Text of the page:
Â The Telegraph – The carbon credits scheme would make WWF and its partners much richer, but with no lowering of overall CO2 emissions, writes Christopher Booker .
If the world’s largest, richest environmental campaigning group, the WWF ““ formerly the World Wildlife Fund ““ announced that it was playing a leading role in a scheme to preserve an area of the Amazon rainforest twice the size of Switzerland, many people might applaud, thinking this was just the kind of cause the WWF was set up to promote. If it then emerged, however, that a hidden agenda of the scheme to preserve this chunk of the forest was to allow the WWF and its partners to share the selling of carbon credits worth $60 billion, to enable firms in the industrial world to carry on emitting CO2 just as before, more than a few eyebrows might be raised. The idea is that credits representing the CO2 locked into this particular area of jungle ““ so remote that it is not under any threat ““ should be sold on the international market, allowing thousands of companies in the developed world to buy their way out of having to restrict their carbon emissions. The net effect would simply be to make the WWF and its partners much richer while making no contribution to lowering overall CO2 emissions – Read Article
Herald Scotland – The Foreign Office is coming under mounting pressure to tell the truth about whether there are plans by the US to use the British island of Diego Garcia as a base to launch an attack on Iran. Leading opposition politicians are demanding answers from UK ministers on the role played by the Indian Ocean atoll in previous attacks on Iraq and Afghanistan, and in any future strikes. Read article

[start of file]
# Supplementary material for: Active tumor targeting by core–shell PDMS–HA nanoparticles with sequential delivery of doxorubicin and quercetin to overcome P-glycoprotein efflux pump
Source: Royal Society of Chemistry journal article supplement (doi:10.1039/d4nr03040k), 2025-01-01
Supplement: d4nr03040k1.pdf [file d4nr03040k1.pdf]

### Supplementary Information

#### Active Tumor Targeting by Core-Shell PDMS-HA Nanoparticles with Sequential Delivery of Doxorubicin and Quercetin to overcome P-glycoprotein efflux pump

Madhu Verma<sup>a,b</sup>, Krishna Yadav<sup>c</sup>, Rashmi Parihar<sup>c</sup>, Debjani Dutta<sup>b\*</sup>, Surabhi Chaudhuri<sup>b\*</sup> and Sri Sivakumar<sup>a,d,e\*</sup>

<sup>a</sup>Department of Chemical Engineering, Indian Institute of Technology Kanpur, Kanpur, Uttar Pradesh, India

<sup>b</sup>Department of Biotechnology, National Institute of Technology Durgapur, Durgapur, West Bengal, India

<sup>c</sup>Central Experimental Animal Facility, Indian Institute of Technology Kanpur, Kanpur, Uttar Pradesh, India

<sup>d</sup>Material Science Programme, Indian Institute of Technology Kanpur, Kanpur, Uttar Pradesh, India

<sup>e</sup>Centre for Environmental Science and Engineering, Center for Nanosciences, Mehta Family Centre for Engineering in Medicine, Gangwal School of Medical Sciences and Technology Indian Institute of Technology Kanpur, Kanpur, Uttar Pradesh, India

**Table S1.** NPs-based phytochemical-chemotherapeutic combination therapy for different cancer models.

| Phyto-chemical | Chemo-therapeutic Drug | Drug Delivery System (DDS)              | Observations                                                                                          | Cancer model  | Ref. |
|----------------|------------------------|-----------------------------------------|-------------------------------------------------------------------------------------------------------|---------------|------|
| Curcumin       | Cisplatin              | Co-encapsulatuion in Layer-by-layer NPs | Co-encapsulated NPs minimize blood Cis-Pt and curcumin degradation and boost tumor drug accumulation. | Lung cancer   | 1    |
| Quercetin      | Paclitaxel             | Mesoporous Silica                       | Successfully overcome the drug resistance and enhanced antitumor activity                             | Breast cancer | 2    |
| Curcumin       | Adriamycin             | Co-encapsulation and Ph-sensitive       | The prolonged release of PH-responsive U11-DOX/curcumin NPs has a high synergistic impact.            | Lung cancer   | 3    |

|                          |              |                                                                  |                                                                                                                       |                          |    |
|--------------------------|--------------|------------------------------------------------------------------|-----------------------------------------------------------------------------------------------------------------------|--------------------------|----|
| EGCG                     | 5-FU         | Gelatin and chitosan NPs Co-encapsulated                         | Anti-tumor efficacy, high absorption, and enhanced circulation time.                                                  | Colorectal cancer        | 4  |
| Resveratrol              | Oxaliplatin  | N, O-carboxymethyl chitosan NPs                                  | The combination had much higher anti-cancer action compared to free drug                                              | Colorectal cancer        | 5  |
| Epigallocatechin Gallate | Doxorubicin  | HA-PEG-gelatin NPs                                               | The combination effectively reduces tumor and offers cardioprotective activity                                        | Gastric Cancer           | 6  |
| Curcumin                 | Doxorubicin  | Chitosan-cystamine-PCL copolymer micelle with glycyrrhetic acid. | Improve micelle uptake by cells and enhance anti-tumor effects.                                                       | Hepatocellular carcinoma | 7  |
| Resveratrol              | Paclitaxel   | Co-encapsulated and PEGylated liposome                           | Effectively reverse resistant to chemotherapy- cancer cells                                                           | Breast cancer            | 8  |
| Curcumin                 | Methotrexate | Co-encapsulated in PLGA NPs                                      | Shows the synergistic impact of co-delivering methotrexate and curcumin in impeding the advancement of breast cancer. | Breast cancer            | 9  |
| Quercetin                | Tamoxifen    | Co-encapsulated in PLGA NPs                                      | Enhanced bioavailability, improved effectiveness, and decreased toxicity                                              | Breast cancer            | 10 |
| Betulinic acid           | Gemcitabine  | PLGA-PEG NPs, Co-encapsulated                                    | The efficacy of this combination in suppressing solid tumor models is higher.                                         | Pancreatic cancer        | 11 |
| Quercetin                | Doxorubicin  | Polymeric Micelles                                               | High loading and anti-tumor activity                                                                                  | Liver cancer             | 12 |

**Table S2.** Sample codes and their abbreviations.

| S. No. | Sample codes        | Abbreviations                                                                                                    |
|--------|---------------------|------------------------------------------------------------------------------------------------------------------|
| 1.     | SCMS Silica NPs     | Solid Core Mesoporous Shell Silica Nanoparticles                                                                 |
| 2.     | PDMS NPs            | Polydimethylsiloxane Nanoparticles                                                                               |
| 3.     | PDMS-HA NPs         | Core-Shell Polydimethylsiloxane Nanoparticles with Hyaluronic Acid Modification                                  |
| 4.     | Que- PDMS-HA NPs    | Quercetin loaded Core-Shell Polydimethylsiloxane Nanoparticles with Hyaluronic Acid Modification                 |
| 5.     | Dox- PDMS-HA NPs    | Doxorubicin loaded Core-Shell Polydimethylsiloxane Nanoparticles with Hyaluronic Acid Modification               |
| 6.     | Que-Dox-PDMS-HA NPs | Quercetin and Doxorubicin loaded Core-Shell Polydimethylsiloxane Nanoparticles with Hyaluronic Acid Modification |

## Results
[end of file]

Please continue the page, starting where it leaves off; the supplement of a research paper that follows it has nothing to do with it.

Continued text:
Associated Press – New Orleans police officers have engaged in a pattern of unlawfully arresting or harassing journalists and bystanders who tape or photograph them in public, a lawyer for two men suing the city told a federal jury Monday. A lawsuit, backed by the American Civil Liberties Union, claims police officers violated the constitutional rights of plaintiffs Greg Griffith and Noah Learned, who were arrested at a 2007 Carnival parade. The plaintiffs cite 11 other incidents since 2005 in which people were arrested or allegedly threatened while videotaping, photographing or merely observing police officers. The list of potential plaintiffs’ witnesses includes Times-Picayune city editor Gordon Russell and Associated Press Television News producer Rich Matthews. Read Article
Times – All public services could be delivered online within four years under an ambitious pledge by Gordon Brown to create a paperless state and save billions of pounds, The Times has learnt. Tens of thousands of public sector jobs could go in Jobcentres, benefit offices, passport centres and town halls if face-to-face transactions are scrapped in favour of cheaper and more efficient online form-filling. Read Article